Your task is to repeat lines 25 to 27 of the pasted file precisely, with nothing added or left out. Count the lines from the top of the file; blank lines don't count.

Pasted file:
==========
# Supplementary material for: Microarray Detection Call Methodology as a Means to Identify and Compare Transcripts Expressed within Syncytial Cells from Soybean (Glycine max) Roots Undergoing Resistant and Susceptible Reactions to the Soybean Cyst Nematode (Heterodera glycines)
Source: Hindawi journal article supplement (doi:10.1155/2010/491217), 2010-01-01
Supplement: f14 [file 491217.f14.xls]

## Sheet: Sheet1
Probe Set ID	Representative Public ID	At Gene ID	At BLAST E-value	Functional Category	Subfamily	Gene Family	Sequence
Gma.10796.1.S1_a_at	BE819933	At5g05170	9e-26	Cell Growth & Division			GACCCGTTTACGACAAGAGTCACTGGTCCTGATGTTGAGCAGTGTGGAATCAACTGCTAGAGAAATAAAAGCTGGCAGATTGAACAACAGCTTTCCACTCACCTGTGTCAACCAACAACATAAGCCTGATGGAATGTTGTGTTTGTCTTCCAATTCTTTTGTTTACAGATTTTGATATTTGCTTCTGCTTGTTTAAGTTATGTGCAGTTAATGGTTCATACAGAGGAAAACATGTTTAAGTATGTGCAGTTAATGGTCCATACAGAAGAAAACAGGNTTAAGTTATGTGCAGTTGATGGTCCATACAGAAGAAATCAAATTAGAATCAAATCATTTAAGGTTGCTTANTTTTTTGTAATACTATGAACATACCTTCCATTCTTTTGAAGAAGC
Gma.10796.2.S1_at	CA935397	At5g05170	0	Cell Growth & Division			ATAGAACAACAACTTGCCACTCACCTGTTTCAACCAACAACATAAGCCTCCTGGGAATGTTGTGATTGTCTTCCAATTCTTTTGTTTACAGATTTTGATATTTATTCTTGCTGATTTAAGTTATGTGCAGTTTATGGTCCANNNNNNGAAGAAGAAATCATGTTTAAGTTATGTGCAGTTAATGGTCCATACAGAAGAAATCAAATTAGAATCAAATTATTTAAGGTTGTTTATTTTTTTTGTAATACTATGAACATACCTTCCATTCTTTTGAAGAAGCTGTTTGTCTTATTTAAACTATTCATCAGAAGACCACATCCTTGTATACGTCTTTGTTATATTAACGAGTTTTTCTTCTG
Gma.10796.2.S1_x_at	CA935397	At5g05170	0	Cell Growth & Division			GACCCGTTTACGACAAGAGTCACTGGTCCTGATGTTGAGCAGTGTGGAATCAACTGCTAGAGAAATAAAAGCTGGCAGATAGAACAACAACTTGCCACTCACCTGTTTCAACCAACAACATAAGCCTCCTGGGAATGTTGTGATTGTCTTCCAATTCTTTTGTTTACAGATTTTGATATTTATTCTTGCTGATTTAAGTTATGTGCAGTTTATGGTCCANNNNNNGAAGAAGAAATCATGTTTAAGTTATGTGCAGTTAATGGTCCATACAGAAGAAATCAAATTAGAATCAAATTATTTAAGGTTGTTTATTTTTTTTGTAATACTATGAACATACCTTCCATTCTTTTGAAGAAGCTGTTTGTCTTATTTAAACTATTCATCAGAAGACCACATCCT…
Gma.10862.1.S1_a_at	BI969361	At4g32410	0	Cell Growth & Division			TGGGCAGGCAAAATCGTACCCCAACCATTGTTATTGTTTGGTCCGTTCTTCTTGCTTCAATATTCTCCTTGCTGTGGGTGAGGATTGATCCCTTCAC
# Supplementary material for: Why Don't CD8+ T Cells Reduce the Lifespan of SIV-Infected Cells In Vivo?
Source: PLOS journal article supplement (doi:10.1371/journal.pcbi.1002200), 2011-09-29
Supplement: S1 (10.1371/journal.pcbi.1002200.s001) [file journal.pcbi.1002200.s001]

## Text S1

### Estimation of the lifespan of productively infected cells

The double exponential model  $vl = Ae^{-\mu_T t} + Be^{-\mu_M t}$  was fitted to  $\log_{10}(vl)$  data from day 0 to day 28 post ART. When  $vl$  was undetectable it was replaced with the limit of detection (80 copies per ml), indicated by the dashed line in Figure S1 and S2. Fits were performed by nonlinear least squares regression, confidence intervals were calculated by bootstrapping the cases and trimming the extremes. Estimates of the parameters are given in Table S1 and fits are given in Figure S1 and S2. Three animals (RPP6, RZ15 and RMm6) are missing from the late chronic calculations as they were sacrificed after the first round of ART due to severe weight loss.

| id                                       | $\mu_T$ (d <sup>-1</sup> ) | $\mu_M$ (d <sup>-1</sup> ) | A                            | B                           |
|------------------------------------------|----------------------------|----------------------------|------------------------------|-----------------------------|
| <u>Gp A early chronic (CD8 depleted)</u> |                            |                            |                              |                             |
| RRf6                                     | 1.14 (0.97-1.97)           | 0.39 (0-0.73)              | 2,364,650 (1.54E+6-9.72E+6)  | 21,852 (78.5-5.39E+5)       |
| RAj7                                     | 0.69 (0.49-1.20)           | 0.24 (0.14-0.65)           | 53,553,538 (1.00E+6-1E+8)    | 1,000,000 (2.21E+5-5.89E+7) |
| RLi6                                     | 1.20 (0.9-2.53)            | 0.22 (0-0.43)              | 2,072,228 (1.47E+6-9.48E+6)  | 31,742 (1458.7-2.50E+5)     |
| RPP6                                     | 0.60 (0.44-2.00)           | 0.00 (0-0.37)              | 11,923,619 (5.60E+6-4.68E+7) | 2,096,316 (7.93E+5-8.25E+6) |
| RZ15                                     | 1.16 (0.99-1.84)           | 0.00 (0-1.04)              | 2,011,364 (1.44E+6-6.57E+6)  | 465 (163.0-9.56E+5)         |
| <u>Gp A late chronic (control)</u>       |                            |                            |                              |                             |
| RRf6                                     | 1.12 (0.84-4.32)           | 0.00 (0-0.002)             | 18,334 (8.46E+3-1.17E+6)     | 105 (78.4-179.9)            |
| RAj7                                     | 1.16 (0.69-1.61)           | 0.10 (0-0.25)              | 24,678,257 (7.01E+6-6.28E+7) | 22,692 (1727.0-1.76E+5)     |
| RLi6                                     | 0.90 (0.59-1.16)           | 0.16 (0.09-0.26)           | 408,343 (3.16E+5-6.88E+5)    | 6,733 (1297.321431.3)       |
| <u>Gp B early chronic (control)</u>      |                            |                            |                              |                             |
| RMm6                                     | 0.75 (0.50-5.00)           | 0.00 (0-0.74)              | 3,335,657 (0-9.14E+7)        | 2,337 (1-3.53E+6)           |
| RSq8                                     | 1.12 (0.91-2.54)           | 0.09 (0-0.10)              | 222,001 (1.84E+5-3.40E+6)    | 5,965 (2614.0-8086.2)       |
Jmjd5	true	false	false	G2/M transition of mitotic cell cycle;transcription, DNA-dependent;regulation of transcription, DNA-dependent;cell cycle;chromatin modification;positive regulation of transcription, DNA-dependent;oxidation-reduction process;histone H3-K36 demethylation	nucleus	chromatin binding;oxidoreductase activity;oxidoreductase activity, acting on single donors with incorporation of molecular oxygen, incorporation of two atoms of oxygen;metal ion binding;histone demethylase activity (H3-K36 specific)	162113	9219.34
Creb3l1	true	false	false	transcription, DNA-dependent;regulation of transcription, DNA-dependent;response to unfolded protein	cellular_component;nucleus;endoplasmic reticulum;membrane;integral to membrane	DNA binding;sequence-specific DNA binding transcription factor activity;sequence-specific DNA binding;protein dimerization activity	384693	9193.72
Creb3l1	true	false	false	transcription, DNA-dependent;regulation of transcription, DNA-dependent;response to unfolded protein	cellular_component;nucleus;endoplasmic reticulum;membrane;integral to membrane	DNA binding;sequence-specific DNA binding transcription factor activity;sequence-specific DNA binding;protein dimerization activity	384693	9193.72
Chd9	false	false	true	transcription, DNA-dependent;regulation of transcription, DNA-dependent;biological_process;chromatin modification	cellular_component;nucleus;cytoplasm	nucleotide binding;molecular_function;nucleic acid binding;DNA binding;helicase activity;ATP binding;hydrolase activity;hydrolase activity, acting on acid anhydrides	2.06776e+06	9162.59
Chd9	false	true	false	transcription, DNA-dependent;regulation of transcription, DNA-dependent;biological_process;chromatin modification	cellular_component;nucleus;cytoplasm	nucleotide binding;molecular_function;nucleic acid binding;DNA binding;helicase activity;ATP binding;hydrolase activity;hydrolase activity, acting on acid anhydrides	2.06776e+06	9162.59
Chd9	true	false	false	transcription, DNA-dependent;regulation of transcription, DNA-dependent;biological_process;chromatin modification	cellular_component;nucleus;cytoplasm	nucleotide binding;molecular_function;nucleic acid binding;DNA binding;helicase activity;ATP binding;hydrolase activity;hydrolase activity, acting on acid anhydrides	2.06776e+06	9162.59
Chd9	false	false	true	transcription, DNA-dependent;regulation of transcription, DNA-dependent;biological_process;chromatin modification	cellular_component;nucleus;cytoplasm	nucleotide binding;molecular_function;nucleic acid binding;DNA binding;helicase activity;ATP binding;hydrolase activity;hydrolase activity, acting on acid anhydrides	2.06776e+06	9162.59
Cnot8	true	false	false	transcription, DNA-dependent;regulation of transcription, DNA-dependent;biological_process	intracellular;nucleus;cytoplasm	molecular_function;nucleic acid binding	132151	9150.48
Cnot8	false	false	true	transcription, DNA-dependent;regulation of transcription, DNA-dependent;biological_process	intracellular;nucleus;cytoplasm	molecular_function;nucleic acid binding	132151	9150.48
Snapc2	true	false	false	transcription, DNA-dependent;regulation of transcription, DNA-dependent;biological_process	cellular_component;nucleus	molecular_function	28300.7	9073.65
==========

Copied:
| RRf6                                     | 1.12 (0.84-4.32)           | 0.00 (0-0.002)             | 18,334 (8.46E+3-1.17E+6)     | 105 (78.4-179.9)            |
| RAj7                                     | 1.16 (0.69-1.61)           | 0.10 (0-0.25)              | 24,678,257 (7.01E+6-6.28E+7) | 22,692 (1727.0-1.76E+5)     |
| RLi6                                     | 0.90 (0.59-1.16)           | 0.16 (0.09-0.26)           | 408,343 (3.16E+5-6.88E+5)    | 6,733 (1297.321431.3)       |